So, after six years of obfuscation, convolution and masquerade it’s come down to a big rock in a cave with the names of the passengers of flight 815 scrawled on it like juvenile adoration etched on a pencil case.
The latest revelation – and their galloping in at least one per episode now the end’s in sight – is that Jacob, the mysterious leader of the island (or he was until he was incinerated by John Locke-who-isn’t-really-Locke-
but-is-really-the-smoke-monster, but he might have been resurrected as a golden-haired boy racing about the tropical forests). Well, over a number of years, perhaps centuries, Jacob has been subtly coercing the people whose names are written on the rock to come to the island.
And for what reason? Well, the Locke-not-Locke (LNL) has told the gullible Sawyer – or James Ford – that it’s because Jacob is on the look out for someone to replace him; almost as if he knew that he was going to die. So the whole series has been one long job interview? One that makes the original Job Interview From Hell on the Apprentice look as easy as eating clouds?
Not quite. Sawyer was lured to the cave under the promise that the reason he was on the island would be revealed to him. Despite the risk of mortal danger – he saw through LNL’s disguise straight away he followed LNL down a precipitous cliff to a place he could quite easily be murdered. The smoke monster, after all, has done for loads of the cast so far.
But Sawyer’s curiosity became analogous to that of the viewer; to finally discover what the hell has been happening these past six series. He was given a chance to escape to the temple with the ever-youthful Richard Alpert, but declined. And as viewers, we wanted him to go with LNL to seek the answers.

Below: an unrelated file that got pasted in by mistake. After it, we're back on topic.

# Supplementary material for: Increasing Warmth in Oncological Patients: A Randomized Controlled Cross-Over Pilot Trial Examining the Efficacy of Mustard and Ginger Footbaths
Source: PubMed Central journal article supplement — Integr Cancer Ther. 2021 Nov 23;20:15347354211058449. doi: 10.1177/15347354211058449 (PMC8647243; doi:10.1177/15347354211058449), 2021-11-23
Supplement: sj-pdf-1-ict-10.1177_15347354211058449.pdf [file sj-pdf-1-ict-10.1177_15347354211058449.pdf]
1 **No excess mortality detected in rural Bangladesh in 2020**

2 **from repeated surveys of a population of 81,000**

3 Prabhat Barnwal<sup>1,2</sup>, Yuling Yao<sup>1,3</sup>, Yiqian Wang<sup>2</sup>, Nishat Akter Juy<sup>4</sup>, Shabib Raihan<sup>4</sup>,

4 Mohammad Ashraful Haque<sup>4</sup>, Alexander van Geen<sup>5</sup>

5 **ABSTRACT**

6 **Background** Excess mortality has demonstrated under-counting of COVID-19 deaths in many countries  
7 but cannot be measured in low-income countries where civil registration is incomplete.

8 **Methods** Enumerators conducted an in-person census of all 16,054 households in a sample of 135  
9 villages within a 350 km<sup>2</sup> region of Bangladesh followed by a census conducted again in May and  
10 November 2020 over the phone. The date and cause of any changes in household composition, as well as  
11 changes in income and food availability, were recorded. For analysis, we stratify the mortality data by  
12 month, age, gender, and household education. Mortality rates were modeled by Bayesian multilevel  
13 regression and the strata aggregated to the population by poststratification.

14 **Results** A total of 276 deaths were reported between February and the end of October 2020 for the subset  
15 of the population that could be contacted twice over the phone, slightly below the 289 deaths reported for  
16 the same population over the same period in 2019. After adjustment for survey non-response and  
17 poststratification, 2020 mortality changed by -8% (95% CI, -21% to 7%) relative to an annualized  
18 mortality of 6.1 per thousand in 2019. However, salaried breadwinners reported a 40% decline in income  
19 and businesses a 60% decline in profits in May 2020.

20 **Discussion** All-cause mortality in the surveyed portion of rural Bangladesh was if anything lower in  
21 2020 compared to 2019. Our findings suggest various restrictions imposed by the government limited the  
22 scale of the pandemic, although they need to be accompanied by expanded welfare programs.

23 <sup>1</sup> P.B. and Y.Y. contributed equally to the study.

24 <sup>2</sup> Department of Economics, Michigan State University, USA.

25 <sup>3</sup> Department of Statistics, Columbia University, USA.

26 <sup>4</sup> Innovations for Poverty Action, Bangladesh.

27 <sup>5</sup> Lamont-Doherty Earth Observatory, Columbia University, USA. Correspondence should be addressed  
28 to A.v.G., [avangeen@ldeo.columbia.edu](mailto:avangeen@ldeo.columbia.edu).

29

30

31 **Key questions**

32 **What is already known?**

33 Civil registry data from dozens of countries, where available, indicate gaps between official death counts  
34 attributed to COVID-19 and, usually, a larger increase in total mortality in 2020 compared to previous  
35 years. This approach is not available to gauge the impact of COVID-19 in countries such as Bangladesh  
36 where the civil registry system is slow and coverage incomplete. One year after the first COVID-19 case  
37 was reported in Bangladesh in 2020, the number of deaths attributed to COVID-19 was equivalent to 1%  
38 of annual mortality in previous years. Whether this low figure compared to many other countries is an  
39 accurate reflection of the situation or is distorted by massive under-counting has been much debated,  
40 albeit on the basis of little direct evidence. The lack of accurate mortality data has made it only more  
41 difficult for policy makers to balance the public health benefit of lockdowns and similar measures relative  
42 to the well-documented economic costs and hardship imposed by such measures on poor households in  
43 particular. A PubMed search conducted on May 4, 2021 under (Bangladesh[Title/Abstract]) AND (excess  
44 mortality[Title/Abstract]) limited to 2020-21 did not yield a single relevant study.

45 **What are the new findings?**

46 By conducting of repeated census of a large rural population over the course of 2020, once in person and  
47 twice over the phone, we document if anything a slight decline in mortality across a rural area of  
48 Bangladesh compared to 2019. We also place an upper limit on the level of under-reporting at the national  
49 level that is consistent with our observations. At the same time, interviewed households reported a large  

With all the seeking of answers there’s been very little actual drama on the island. Sayid died, came back to life, but is afflicted by the same ailment that has sent the returning Claire loopy, subsisting in the deep jungle like a mad old witch, Juliette was found alive but died soon after and Sun and Jin are still apart, eventually to be reunited in one of those nauseating slow-motion scenes full of tears, and regretful stares out to the ocean horizon that wouldn’t look out of place on Home & Away.
But there’s a compulsion to keep coming back. The episodes may be as contrived as Dragons’ Den, whereby the successful pitch is always the one shown last replaced by the latest revelation about the island emerging just before the end credits, but Lost still captivates; nowhere more so than at the end of the last series when LNL was shown not to be Locke.
At the moment, the ‘flash-sideways’ – a chronicle of what would have happened had flight 815 not crashed on the island – is a smooth, guileless, saccharine narrative more suited to daytime TV. However, we suppose this is the point. It’s full of smiles and laughter and overcoming difficulties as Claire has her baby, Jack comes to terms with the death of his father, Kate discovers that, hey, despite being a fugitive on the run she’s really a ‘good person’ and Locke’s marriage preparations and acceptance of his disability; amid all that are the perverse little interludes that suggest it’s not quite so easy to tamper with destiny. Already we’ve witnessed Ethan – shot dead by Charlie in the first series – as the paediatrician taking care of Claire’s pregnancy and Ben as the history teacher in a school where Locke is acting as a supply.
This facet of Lost is becoming more crucial by the week. As the main timeline on the island is bogged down with opening magic boxes and crossing names off a big rock, the alternate timeline is providing all the momentum, and most essentially for Lost, all the mystery as it evaporates elsewhere.